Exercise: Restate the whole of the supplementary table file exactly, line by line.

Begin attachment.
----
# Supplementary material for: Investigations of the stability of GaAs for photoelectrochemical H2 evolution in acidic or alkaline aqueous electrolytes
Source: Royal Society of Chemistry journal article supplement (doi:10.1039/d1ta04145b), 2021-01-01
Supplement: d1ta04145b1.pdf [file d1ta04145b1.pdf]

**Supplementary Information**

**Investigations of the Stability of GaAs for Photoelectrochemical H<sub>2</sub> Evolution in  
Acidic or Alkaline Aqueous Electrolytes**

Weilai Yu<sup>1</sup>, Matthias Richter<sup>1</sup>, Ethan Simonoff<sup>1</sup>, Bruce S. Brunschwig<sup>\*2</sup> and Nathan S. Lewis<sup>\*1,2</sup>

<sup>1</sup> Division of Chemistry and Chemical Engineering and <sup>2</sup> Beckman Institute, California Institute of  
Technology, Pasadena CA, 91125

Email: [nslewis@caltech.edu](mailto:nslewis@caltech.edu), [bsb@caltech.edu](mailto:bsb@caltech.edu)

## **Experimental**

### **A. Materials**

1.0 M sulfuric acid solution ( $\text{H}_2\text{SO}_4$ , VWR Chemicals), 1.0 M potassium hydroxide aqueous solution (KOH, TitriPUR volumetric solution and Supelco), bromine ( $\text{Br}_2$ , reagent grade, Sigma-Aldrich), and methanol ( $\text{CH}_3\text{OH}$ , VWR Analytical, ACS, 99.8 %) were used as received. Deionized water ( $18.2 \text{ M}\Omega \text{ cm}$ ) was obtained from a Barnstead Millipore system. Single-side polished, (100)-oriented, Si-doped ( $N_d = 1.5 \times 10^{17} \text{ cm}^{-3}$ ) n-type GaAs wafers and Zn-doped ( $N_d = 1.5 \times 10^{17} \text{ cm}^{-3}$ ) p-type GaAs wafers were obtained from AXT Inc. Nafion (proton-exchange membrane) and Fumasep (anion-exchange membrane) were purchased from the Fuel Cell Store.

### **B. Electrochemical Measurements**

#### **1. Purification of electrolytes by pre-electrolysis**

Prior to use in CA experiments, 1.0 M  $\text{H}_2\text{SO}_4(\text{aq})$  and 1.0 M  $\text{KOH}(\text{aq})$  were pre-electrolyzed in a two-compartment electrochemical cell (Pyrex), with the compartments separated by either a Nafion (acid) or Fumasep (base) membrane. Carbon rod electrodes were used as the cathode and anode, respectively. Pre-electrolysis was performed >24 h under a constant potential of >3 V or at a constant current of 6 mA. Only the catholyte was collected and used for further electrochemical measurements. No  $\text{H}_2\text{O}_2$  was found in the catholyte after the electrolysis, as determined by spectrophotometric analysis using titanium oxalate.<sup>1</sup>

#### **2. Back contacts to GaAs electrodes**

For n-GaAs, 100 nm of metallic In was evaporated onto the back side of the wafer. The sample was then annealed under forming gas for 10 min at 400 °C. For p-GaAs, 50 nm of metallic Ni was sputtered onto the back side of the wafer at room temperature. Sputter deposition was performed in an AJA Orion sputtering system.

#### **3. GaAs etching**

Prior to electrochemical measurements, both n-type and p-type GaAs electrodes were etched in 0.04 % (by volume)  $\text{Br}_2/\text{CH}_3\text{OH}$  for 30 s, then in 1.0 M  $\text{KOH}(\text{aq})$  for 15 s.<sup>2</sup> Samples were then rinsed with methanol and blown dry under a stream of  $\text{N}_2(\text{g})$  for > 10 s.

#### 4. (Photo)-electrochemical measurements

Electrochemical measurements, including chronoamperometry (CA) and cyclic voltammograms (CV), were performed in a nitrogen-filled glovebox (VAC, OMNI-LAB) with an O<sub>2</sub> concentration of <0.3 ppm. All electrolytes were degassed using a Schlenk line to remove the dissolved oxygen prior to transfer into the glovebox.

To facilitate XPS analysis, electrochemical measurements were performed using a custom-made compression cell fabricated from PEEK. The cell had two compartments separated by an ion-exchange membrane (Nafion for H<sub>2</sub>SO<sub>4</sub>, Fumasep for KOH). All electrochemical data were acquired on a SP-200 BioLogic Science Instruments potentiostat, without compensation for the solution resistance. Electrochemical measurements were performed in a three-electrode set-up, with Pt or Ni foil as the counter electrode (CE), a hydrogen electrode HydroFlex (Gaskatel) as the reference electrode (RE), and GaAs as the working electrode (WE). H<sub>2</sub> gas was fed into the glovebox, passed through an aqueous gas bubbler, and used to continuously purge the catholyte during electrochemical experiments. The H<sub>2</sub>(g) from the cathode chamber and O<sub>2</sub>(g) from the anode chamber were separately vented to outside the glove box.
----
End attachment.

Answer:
# Supplementary material for: Investigations of the stability of GaAs for photoelectrochemical H2 evolution in acidic or alkaline aqueous electrolytes
Source: Royal Society of Chemistry journal article supplement (doi:10.1039/d1ta04145b), 2021-01-01
Supplement: d1ta04145b1.pdf [file d1ta04145b1.pdf]

**Supplementary Information**

**Investigations of the Stability of GaAs for Photoelectrochemical H<sub>2</sub> Evolution in  
Acidic or Alkaline Aqueous Electrolytes**

Weilai Yu<sup>1</sup>, Matthias Richter<sup>1</sup>, Ethan Simonoff<sup>1</sup>, Bruce S. Brunschwig<sup>\*2</sup> and Nathan S. Lewis<sup>\*1,2</sup>

<sup>1</sup> Division of Chemistry and Chemical Engineering and <sup>2</sup> Beckman Institute, California Institute of  
Technology, Pasadena CA, 91125

Email: [nslewis@caltech.edu](mailto:nslewis@caltech.edu), [bsb@caltech.edu](mailto:bsb@caltech.edu)

## **Experimental**

### **A. Materials**

1.0 M sulfuric acid solution ( $\text{H}_2\text{SO}_4$ , VWR Chemicals), 1.0 M potassium hydroxide aqueous solution (KOH, TitriPUR volumetric solution and Supelco), bromine ( $\text{Br}_2$ , reagent grade, Sigma-Aldrich), and methanol ( $\text{CH}_3\text{OH}$ , VWR Analytical, ACS, 99.8 %) were used as received. Deionized water ( $18.2 \text{ M}\Omega \text{ cm}$ ) was obtained from a Barnstead Millipore system. Single-side polished, (100)-oriented, Si-doped ( $N_d = 1.5 \times 10^{17} \text{ cm}^{-3}$ ) n-type GaAs wafers and Zn-doped ( $N_d = 1.5 \times 10^{17} \text{ cm}^{-3}$ ) p-type GaAs wafers were obtained from AXT Inc. Nafion (proton-exchange membrane) and Fumasep (anion-exchange membrane) were purchased from the Fuel Cell Store.

### **B. Electrochemical Measurements**

#### **1. Purification of electrolytes by pre-electrolysis**

Prior to use in CA experiments, 1.0 M  $\text{H}_2\text{SO}_4(\text{aq})$  and 1.0 M  $\text{KOH}(\text{aq})$  were pre-electrolyzed in a two-compartment electrochemical cell (Pyrex), with the compartments separated by either a Nafion (acid) or Fumasep (base) membrane. Carbon rod electrodes were used as the cathode and anode, respectively. Pre-electrolysis was performed >24 h under a constant potential of >3 V or at a constant current of 6 mA. Only the catholyte was collected and used for further electrochemical measurements. No  $\text{H}_2\text{O}_2$  was found in the catholyte after the electrolysis, as determined by spectrophotometric analysis using titanium oxalate.<sup>1</sup>

#### **2. Back contacts to GaAs electrodes**

For n-GaAs, 100 nm of metallic In was evaporated onto the back side of the wafer. The sample was then annealed under forming gas for 10 min at 400 °C. For p-GaAs, 50 nm of metallic Ni was sputtered onto the back side of the wafer at room temperature. Sputter deposition was performed in an AJA Orion sputtering system.

#### **3. GaAs etching**

Prior to electrochemical measurements, both n-type and p-type GaAs electrodes were etched in 0.04 % (by volume)  $\text{Br}_2/\text{CH}_3\text{OH}$  for 30 s, then in 1.0 M  $\text{KOH}(\text{aq})$  for 15 s.<sup>2</sup> Samples were then rinsed with methanol and blown dry under a stream of  $\text{N}_2(\text{g})$  for > 10 s.

#### 4. (Photo)-electrochemical measurements

Electrochemical measurements, including chronoamperometry (CA) and cyclic voltammograms (CV), were performed in a nitrogen-filled glovebox (VAC, OMNI-LAB) with an O<sub>2</sub> concentration of <0.3 ppm. All electrolytes were degassed using a Schlenk line to remove the dissolved oxygen prior to transfer into the glovebox.

To facilitate XPS analysis, electrochemical measurements were performed using a custom-made compression cell fabricated from PEEK. The cell had two compartments separated by an ion-exchange membrane (Nafion for H<sub>2</sub>SO<sub>4</sub>, Fumasep for KOH). All electrochemical data were acquired on a SP-200 BioLogic Science Instruments potentiostat, without compensation for the solution resistance. Electrochemical measurements were performed in a three-electrode set-up, with Pt or Ni foil as the counter electrode (CE), a hydrogen electrode HydroFlex (Gaskatel) as the reference electrode (RE), and GaAs as the working electrode (WE). H<sub>2</sub> gas was fed into the glovebox, passed through an aqueous gas bubbler, and used to continuously purge the catholyte during electrochemical experiments. The H<sub>2</sub>(g) from the cathode chamber and O<sub>2</sub>(g) from the anode chamber were separately vented to outside the glove box.